The second collection of retro Capcom coin-ops includes a host of fighting games and obscure classics such as Knights Of The Round.
Retro compilations have been around for decades now and yet still they’re almost always a disappointment: never offering a definitive collection of whatever they’re themed around and rarely ever featuring any kind of museum content to properly celebrate the titles. Minimum efforts have been de rigueur for the concept almost since its inception, which is why last year’s Capcom Arcade Stadium stood out, since it was packed with both classic games and extra features.
The first Capcom Arcade Stadium was also unusual in that it was technically free-to-play, with the option to download the frontend, and one free game, for nothing and then add packs of additional games according to whether you’re interested in them or not (already owning the same game several times over is another common problem with retro compilations). This sequel follows similar logic, although now you can just buy each game individually.
That’s particularly welcome because while the first Stadium was extremely varied in its selection this one has an awful lot of fighting games in it, and if you’ve just bought the Capcom Fighting Collection you’re not going to be interested in any of the Darkstalkers games or the Street Fighter puzzle games. There are still a lot of other titles, both obscure and widely celebrated, to pique your interest, but at the same time there is a pervasive feeling that this compilation is trying to make the best of the leftovers.
There are 32 games available in Capcom Arcade 2nd Stadium but the obvious question, of why they weren’t just launched as additional DLC to the first, is never answered. It’s probably just because its more high profile to release them this way and given how you pay for them it doesn’t cost any more. So other than the frustration of not having everything accessible from the same collection it doesn’t make any difference.
You still get mod-cons like a rewind option, infinite credits, and save states for each game, plus the ability to adjust the speed for most games. There’s also a wide range of screen filters and other display options, including the ability to customise the virtual arcade cabinets if you so wish.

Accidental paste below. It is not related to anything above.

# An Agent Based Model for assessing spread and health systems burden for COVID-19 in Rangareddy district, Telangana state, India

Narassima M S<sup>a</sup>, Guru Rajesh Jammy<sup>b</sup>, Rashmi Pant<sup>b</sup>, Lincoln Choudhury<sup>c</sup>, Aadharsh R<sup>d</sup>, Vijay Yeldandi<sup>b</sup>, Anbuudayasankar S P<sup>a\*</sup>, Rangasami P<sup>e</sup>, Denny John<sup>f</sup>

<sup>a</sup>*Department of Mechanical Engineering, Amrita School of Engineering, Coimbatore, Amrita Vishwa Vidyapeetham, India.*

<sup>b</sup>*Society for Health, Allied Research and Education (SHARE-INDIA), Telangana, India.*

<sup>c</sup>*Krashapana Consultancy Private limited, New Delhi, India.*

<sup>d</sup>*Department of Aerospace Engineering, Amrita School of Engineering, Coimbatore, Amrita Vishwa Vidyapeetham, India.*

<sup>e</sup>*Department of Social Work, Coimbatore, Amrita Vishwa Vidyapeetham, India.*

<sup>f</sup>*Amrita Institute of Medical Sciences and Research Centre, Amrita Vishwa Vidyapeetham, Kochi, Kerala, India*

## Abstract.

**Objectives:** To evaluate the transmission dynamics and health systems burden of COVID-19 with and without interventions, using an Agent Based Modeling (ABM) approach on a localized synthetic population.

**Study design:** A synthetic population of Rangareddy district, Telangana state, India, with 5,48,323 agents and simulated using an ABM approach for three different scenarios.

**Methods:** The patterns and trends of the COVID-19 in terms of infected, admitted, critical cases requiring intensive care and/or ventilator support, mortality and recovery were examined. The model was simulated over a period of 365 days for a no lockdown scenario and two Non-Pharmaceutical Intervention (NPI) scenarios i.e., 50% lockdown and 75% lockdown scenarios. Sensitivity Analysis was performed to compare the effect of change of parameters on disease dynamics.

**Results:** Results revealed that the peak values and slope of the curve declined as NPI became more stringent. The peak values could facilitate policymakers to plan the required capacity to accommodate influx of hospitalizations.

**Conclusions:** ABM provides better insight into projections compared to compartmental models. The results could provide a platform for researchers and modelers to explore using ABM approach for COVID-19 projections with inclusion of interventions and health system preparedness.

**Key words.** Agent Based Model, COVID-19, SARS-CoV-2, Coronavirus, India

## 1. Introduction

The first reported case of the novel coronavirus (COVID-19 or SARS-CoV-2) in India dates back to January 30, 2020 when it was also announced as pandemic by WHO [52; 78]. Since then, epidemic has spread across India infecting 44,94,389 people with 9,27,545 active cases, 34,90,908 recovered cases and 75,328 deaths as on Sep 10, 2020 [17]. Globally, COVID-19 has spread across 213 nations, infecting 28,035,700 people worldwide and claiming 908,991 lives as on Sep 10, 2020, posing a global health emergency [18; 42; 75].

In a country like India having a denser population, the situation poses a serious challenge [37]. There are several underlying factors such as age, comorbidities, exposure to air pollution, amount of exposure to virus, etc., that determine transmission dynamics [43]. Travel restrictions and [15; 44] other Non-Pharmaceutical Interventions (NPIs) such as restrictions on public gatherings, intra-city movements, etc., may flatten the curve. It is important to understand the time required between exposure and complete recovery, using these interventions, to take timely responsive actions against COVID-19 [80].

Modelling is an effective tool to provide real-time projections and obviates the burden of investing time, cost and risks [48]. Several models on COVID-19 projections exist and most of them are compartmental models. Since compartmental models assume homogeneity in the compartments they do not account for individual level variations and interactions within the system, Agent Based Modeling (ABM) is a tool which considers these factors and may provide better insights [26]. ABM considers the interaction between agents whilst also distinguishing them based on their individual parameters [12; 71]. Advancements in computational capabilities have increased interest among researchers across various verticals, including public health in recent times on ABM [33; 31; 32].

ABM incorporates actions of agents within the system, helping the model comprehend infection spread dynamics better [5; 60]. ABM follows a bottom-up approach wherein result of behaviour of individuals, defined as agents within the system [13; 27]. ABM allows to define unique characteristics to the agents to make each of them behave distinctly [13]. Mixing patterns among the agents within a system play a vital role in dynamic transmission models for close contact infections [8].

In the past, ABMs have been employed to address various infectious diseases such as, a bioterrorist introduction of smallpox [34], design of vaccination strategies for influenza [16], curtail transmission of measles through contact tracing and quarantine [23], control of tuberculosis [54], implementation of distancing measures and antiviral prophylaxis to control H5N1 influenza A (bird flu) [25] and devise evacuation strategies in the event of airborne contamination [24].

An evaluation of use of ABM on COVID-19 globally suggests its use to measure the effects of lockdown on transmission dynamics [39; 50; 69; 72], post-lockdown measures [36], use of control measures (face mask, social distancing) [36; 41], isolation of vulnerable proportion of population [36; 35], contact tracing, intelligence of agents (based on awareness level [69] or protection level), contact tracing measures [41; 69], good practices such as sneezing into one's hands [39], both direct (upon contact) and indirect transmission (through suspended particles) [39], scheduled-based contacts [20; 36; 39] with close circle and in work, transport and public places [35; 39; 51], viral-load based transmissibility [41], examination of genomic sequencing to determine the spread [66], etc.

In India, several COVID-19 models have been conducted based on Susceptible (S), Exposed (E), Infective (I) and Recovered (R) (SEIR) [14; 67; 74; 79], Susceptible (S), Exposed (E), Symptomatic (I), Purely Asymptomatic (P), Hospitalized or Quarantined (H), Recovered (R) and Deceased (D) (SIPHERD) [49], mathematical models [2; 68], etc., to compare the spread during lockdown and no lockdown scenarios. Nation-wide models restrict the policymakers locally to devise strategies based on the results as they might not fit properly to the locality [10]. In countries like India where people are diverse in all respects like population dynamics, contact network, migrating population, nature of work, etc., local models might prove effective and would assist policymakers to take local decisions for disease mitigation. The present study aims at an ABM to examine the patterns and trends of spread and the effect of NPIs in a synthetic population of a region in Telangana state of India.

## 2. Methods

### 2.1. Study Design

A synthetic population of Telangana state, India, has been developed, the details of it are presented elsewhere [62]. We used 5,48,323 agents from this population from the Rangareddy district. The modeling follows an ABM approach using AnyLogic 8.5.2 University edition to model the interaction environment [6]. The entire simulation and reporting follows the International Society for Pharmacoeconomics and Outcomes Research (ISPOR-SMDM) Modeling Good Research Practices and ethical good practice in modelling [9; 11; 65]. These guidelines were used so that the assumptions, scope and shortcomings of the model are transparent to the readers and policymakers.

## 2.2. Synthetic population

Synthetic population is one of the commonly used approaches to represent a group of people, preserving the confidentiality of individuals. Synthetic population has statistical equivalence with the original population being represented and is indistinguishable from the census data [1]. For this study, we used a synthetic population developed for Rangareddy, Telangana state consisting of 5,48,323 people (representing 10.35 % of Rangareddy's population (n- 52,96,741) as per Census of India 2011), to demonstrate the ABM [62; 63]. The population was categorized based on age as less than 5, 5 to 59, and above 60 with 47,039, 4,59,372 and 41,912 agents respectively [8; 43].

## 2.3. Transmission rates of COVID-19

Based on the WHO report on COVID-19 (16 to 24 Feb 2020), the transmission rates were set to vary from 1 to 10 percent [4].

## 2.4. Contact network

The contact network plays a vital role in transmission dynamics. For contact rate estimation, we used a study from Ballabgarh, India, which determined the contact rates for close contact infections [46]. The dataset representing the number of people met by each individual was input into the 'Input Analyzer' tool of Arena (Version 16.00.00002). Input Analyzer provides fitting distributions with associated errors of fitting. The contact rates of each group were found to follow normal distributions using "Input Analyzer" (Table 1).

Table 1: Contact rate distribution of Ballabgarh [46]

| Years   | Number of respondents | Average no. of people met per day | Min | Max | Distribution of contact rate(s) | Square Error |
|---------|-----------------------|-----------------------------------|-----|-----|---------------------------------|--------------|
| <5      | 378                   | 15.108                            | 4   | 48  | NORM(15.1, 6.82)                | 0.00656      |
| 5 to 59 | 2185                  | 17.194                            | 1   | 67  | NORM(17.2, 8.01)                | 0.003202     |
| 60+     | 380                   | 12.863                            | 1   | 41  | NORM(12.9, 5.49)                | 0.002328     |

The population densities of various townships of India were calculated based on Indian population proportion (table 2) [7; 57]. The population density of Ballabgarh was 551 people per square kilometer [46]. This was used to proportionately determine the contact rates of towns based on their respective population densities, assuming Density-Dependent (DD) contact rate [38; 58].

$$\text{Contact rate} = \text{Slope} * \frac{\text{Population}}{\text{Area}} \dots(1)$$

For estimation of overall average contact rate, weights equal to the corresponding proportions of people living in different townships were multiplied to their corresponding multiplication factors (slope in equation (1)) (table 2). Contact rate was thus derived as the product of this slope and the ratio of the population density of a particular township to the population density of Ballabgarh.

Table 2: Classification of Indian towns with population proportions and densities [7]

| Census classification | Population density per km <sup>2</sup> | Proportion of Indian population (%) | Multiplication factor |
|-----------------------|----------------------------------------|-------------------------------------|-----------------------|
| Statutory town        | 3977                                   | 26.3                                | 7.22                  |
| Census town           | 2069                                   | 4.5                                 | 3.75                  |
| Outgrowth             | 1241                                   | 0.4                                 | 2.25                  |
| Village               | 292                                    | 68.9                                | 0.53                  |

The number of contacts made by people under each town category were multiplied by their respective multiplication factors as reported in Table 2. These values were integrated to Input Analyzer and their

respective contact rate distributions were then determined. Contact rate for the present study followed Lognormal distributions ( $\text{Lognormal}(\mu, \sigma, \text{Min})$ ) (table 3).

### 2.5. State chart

There’s no online play though, which is a shame, and still no real behind the scenes content, to offer any context for any of the games. This is a pity not only because many of them are very obscure but because there are obvious connections between many of the games that you’re just left to guess at, in terms of what must have been going on in with their development and the teams working on them.
The free game this time round is SonSon, a largely forgotten side-scrolling shooter from 1984 that, if only in terms of its graphics, almost feels like a precursor to Ghosts ‘N Goblins. It’s a simpler game overall but the way you can jump up and down the various levels of platform is interesting and offers a surprising degree of freedom. Even if it does quickly make the whole experience seem very samey.
SonSon is something of an odd-one-out though as it’s the oldest game in the collection and the majority of other titles were released a decade or so later. There are only a few other mid-80s titles, such as cowboy shooter Gun.Smoke, which is a similar style of vertical scroller to Commando but wastes its interesting control set-up, where you have separate buttons for shooting left and right, on being viciously difficult.
Savage Bees (aka Exed Exes) is a much less memorable vertically scrolling shooter, with the Second World War themed 1943 Kai being far superior. The horizontally scrolling Hyper Dyne Side Arms is also a lot of fun and another Capcom shooter with an interesting control system, where you can shoot behind you as well as just in front – similar to Section Z from the first Stadium collection.
Capcom was always more willing than most to experiment with unusual control schemes or genre mash-ups, as evidenced by Hissatsu Buraiken (aka Avenger) which is a rare attempt at a vertically scrolling beat ‘em-up, although the difficulty you have connecting your attacks to enemies shows why the idea never caught on.
Last Duel is a more successful experiment, as it starts off with you controlling a sci-fi vehicle in a vertical scrolling level that’s half race game and half shooter. Get to the end though and you transform into a spaceship for more traditional 2D shooter action, and then alternate back and forth with each level. The only problem is that while the spaceship levels are really good the ground-based ones are much less enjoyable, which kind of spoils the gimmick.